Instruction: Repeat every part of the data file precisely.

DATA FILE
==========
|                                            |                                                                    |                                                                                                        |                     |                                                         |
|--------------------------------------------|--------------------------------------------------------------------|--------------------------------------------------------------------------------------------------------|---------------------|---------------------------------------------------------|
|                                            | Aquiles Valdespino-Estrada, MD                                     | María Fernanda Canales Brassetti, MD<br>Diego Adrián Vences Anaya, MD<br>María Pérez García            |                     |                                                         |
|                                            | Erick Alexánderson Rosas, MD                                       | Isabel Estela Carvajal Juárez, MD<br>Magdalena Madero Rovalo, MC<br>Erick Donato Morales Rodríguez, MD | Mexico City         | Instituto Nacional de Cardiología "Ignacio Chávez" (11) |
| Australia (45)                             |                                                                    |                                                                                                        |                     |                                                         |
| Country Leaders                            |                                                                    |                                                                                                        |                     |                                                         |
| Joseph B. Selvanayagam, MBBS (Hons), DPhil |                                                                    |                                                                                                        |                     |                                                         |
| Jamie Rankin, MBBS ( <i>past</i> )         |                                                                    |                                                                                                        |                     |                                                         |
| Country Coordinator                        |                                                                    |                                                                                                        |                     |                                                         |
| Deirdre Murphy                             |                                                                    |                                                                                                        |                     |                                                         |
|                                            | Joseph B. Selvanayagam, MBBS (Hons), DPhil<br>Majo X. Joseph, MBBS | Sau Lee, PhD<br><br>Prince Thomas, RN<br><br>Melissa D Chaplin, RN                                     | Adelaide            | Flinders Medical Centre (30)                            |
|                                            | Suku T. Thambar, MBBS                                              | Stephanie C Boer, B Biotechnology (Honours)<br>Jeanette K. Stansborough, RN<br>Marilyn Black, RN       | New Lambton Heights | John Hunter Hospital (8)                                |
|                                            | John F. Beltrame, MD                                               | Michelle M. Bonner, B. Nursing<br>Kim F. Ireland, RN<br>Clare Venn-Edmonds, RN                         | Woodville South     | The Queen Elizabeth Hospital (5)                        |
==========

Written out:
|                                            |                                                                    |                                                                                                        |                     |                                                         |
|--------------------------------------------|--------------------------------------------------------------------|--------------------------------------------------------------------------------------------------------|---------------------|---------------------------------------------------------|
|                                            | Aquiles Valdespino-Estrada, MD                                     | María Fernanda Canales Brassetti, MD<br>Diego Adrián Vences Anaya, MD<br>María Pérez García            |                     |                                                         |
|                                            | Erick Alexánderson Rosas, MD                                       | Isabel Estela Carvajal Juárez, MD<br>Magdalena Madero Rovalo, MC<br>Erick Donato Morales Rodríguez, MD | Mexico City         | Instituto Nacional de Cardiología "Ignacio Chávez" (11) |
| Australia (45)                             |                                                                    |                                                                                                        |                     |                                                         |
| Country Leaders                            |                                                                    |                                                                                                        |                     |                                                         |
| Joseph B. Selvanayagam, MBBS (Hons), DPhil |                                                                    |                                                                                                        |                     |                                                         |
| Jamie Rankin, MBBS ( <i>past</i> )         |                                                                    |                                                                                                        |                     |                                                         |
| Country Coordinator                        |                                                                    |                                                                                                        |                     |                                                         |
| Deirdre Murphy                             |                                                                    |                                                                                                        |                     |                                                         |
|                                            | Joseph B. Selvanayagam, MBBS (Hons), DPhil<br>Majo X. Joseph, MBBS | Sau Lee, PhD<br><br>Prince Thomas, RN<br><br>Melissa D Chaplin, RN                                     | Adelaide            | Flinders Medical Centre (30)                            |
|                                            | Suku T. Thambar, MBBS                                              | Stephanie C Boer, B Biotechnology (Honours)<br>Jeanette K. Stansborough, RN<br>Marilyn Black, RN       | New Lambton Heights | John Hunter Hospital (8)                                |
|                                            | John F. Beltrame, MD                                               | Michelle M. Bonner, B. Nursing<br>Kim F. Ireland, RN<br>Clare Venn-Edmonds, RN                         | Woodville South     | The Queen Elizabeth Hospital (5)                        |